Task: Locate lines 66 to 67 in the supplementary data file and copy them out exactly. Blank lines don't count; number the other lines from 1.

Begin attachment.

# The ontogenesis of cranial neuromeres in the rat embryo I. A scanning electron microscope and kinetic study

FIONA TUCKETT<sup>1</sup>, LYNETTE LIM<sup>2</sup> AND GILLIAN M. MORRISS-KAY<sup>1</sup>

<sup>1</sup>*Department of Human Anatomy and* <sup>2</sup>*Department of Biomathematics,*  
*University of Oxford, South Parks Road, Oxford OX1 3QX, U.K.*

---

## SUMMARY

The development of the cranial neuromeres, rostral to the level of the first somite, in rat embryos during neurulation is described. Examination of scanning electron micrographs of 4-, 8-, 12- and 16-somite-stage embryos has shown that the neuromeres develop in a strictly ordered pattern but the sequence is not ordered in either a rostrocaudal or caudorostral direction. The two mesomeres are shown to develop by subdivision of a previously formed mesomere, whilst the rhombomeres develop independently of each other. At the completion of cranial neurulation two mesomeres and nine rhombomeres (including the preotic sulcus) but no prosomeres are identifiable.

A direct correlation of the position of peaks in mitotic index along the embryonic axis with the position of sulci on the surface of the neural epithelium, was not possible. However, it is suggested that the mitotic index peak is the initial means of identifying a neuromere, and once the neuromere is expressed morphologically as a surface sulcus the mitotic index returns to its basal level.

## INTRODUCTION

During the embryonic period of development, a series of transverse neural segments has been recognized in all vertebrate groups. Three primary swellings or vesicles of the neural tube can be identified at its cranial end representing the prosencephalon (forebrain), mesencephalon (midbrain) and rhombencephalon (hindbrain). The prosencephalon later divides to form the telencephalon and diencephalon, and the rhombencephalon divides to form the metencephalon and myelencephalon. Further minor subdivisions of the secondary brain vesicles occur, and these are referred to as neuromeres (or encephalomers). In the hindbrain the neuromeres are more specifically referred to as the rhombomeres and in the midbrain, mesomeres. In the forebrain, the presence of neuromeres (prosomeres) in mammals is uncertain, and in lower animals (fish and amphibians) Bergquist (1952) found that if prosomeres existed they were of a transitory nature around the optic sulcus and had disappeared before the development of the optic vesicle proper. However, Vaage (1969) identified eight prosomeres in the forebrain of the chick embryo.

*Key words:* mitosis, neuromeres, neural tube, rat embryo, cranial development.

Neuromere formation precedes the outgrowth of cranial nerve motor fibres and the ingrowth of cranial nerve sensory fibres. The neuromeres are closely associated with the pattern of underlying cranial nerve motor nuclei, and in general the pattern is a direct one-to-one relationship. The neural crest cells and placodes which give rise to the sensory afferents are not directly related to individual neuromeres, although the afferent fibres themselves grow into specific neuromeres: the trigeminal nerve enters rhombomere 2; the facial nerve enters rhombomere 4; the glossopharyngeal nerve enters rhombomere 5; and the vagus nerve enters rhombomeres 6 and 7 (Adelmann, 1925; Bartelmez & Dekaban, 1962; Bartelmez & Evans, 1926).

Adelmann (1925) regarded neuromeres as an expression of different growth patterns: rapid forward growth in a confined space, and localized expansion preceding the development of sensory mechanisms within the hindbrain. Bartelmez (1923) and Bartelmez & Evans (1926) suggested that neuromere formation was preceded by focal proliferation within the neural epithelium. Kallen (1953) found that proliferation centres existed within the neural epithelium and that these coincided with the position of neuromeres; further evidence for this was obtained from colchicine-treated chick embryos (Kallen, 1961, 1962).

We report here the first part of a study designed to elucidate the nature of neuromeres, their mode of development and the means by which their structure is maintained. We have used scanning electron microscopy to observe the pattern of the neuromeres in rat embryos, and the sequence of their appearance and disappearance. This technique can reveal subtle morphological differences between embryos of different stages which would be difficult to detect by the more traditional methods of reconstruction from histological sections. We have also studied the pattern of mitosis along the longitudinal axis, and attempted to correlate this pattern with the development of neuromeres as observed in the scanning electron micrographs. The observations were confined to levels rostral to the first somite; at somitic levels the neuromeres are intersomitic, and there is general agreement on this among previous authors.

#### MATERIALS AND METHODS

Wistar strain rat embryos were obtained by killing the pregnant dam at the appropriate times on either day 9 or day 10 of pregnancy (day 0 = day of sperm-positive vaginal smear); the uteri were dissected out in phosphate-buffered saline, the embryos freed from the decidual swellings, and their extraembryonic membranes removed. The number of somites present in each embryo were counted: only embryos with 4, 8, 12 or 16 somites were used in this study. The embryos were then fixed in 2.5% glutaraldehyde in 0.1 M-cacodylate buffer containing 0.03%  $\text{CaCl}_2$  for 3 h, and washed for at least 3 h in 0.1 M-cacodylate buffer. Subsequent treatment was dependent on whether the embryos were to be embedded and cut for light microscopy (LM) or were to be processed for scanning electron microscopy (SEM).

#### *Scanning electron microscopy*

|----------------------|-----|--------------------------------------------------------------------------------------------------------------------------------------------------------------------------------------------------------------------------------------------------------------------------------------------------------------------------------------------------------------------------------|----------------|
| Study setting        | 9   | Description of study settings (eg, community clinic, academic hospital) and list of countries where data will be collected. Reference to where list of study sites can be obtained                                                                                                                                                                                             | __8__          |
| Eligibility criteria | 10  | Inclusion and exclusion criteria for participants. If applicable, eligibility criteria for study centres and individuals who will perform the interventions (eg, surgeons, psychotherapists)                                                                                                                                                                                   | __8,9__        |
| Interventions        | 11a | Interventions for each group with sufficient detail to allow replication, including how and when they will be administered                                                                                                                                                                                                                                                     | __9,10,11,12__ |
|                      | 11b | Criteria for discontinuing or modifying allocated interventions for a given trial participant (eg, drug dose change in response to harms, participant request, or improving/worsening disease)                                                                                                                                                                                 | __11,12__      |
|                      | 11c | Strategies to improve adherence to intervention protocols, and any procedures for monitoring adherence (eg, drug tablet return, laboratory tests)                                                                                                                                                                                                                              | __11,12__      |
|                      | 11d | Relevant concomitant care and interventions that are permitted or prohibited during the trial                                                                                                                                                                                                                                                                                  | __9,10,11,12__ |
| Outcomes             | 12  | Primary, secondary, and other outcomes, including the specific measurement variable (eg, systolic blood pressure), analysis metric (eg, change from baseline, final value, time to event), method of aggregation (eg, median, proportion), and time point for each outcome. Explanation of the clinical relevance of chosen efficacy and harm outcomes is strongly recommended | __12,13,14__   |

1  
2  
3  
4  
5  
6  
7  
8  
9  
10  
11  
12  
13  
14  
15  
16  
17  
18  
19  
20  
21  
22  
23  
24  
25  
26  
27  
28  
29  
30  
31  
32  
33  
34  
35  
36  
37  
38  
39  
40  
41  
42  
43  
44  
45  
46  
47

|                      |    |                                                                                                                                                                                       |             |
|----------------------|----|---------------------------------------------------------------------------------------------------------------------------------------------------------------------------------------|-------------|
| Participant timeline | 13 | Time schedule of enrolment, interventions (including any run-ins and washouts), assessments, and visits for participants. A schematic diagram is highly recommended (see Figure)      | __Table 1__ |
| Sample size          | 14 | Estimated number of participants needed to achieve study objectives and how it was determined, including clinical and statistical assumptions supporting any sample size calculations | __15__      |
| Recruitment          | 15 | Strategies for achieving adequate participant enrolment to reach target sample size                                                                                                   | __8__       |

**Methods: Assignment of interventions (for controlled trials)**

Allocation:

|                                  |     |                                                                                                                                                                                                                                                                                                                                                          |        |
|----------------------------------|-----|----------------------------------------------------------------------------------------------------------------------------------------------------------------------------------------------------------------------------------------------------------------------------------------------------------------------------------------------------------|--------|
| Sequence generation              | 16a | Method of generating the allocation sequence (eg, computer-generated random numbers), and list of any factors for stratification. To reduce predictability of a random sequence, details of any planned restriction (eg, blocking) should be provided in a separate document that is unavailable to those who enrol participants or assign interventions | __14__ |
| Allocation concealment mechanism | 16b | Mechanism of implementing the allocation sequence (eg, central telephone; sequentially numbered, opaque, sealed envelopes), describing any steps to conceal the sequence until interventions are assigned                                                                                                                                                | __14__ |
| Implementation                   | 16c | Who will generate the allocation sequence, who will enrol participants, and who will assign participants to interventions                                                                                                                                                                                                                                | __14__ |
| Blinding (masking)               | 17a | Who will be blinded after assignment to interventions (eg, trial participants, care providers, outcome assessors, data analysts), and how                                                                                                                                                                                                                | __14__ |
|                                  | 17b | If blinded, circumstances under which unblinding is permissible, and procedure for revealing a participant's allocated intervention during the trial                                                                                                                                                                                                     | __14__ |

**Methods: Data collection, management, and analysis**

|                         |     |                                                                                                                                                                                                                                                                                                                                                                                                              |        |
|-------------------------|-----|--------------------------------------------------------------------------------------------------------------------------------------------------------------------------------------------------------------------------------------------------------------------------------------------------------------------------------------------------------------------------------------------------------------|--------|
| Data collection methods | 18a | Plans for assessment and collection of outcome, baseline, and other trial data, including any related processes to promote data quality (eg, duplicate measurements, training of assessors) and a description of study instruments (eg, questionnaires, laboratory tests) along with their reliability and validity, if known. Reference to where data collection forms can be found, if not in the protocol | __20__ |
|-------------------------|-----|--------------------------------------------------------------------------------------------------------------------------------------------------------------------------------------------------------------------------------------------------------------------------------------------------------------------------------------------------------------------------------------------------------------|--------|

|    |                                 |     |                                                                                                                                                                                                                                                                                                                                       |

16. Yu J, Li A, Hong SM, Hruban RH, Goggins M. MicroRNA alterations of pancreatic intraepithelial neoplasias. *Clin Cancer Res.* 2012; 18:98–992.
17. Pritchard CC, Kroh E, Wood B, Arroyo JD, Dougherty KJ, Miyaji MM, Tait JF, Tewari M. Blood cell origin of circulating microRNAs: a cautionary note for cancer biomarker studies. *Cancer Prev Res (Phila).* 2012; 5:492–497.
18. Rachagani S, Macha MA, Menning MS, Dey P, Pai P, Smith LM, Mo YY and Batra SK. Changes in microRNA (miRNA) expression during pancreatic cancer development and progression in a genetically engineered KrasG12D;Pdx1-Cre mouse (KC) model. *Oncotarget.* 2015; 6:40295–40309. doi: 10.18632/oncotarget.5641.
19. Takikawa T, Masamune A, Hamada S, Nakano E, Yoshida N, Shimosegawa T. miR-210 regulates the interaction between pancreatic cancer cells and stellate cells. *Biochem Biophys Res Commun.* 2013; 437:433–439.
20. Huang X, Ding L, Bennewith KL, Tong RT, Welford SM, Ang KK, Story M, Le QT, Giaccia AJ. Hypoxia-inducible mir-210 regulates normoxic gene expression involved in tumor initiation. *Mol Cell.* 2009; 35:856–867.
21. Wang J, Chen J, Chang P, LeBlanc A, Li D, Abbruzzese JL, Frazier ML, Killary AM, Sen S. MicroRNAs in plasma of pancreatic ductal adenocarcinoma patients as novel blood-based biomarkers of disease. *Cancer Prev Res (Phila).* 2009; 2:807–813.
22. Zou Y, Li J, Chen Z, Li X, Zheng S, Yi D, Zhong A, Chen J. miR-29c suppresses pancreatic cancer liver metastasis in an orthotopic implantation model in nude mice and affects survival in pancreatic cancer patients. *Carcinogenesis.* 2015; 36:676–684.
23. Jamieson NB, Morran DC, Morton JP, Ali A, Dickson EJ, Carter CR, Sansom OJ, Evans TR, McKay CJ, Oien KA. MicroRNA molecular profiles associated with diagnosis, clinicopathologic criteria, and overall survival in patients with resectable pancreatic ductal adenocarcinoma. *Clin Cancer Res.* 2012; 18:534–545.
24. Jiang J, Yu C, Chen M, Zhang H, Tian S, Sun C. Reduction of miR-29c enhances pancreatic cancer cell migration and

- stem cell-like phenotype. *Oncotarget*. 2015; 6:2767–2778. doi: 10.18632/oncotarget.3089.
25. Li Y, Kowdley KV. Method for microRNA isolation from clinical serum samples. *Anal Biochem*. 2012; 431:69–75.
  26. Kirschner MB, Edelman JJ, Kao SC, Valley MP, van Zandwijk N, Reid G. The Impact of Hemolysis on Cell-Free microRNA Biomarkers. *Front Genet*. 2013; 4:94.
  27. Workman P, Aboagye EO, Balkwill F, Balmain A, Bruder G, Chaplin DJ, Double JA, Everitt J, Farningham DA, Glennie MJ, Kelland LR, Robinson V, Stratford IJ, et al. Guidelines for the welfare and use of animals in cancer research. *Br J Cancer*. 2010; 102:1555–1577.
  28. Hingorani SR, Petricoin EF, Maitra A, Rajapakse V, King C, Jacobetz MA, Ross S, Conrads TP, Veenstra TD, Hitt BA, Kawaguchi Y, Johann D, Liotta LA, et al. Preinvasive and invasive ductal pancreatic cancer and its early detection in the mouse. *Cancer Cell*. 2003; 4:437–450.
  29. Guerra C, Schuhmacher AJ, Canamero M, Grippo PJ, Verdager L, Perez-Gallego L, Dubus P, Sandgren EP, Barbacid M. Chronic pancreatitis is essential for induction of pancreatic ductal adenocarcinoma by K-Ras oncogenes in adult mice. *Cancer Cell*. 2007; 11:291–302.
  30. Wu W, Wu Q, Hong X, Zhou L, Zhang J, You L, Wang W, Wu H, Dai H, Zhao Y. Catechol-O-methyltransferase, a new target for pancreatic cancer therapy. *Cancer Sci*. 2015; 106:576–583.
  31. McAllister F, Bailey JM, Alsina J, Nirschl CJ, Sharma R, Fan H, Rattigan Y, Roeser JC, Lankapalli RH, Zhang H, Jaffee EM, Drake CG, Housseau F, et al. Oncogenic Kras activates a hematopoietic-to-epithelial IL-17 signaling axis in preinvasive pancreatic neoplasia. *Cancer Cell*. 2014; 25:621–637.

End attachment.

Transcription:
41  
42  